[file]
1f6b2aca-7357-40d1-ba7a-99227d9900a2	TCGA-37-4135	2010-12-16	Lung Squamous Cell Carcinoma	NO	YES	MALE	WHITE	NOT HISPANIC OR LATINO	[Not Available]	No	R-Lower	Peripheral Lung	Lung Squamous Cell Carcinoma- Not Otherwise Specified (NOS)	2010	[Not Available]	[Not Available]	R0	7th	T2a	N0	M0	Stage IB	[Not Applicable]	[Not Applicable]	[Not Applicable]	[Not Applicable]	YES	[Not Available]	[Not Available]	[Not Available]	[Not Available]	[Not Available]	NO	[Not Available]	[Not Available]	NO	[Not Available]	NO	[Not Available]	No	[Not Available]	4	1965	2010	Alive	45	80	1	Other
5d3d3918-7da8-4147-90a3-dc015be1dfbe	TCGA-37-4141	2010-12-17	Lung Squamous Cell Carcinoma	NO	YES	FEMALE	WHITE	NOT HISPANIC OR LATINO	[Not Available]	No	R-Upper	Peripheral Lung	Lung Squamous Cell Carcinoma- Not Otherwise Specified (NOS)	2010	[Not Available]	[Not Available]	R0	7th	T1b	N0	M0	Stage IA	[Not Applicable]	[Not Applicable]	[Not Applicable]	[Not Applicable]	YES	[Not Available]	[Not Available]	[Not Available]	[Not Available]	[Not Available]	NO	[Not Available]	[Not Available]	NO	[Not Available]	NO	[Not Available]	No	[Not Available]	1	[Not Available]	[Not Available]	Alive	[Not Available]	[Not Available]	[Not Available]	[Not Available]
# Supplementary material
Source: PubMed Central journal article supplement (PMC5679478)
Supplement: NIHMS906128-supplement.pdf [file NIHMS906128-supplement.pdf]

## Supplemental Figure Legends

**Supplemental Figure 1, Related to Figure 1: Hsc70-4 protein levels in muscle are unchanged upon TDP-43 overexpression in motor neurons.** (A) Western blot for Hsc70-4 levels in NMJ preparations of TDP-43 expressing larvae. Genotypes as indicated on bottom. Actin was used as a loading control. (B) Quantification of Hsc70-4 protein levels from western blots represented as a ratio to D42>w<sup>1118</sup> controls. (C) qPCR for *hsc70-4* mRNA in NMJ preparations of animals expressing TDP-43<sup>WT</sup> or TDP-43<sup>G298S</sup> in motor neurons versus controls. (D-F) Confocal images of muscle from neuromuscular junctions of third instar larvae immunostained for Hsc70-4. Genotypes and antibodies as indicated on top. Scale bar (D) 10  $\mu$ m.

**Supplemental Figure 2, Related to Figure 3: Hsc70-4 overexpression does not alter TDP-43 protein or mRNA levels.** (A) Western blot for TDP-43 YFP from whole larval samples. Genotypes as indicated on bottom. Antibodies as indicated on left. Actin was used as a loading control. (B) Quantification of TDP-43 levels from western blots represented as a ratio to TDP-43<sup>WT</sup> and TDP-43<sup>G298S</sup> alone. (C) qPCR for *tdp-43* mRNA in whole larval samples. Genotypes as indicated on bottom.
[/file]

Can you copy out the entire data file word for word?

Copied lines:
1f6b2aca-7357-40d1-ba7a-99227d9900a2	TCGA-37-4135	2010-12-16	Lung Squamous Cell Carcinoma	NO	YES	MALE	WHITE	NOT HISPANIC OR LATINO	[Not Available]	No	R-Lower	Peripheral Lung	Lung Squamous Cell Carcinoma- Not Otherwise Specified (NOS)	2010	[Not Available]	[Not Available]	R0	7th	T2a	N0	M0	Stage IB	[Not Applicable]	[Not Applicable]	[Not Applicable]	[Not Applicable]	YES	[Not Available]	[Not Available]	[Not Available]	[Not Available]	[Not Available]	NO	[Not Available]	[Not Available]	NO	[Not Available]	NO	[Not Available]	No	[Not Available]	4	1965	2010	Alive	45	80	1	Other
5d3d3918-7da8-4147-90a3-dc015be1dfbe	TCGA-37-4141	2010-12-17	Lung Squamous Cell Carcinoma	NO	YES	FEMALE	WHITE	NOT HISPANIC OR LATINO	[Not Available]	No	R-Upper	Peripheral Lung	Lung Squamous Cell Carcinoma- Not Otherwise Specified (NOS)	2010	[Not Available]	[Not Available]	R0	7th	T1b	N0	M0	Stage IA	[Not Applicable]	[Not Applicable]	[Not Applicable]	[Not Applicable]	YES	[Not Available]	[Not Available]	[Not Available]	[Not Available]	[Not Available]	NO	[Not Available]	[Not Available]	NO	[Not Available]	NO	[Not Available]	No	[Not Available]	1	[Not Available]	[Not Available]	Alive	[Not Available]	[Not Available]	[Not Available]	[Not Available]
# Supplementary material
Source: PubMed Central journal article supplement (PMC5679478)
Supplement: NIHMS906128-supplement.pdf [file NIHMS906128-supplement.pdf]

## Supplemental Figure Legends

**Supplemental Figure 1, Related to Figure 1: Hsc70-4 protein levels in muscle are unchanged upon TDP-43 overexpression in motor neurons.** (A) Western blot for Hsc70-4 levels in NMJ preparations of TDP-43 expressing larvae. Genotypes as indicated on bottom. Actin was used as a loading control. (B) Quantification of Hsc70-4 protein levels from western blots represented as a ratio to D42>w<sup>1118</sup> controls. (C) qPCR for *hsc70-4* mRNA in NMJ preparations of animals expressing TDP-43<sup>WT</sup> or TDP-43<sup>G298S</sup> in motor neurons versus controls. (D-F) Confocal images of muscle from neuromuscular junctions of third instar larvae immunostained for Hsc70-4. Genotypes and antibodies as indicated on top. Scale bar (D) 10  $\mu$ m.

**Supplemental Figure 2, Related to Figure 3: Hsc70-4 overexpression does not alter TDP-43 protein or mRNA levels.** (A) Western blot for TDP-43 YFP from whole larval samples. Genotypes as indicated on bottom. Antibodies as indicated on left. Actin was used as a loading control. (B) Quantification of TDP-43 levels from western blots represented as a ratio to TDP-43<sup>WT</sup> and TDP-43<sup>G298S</sup> alone. (C) qPCR for *tdp-43* mRNA in whole larval samples. Genotypes as indicated on bottom.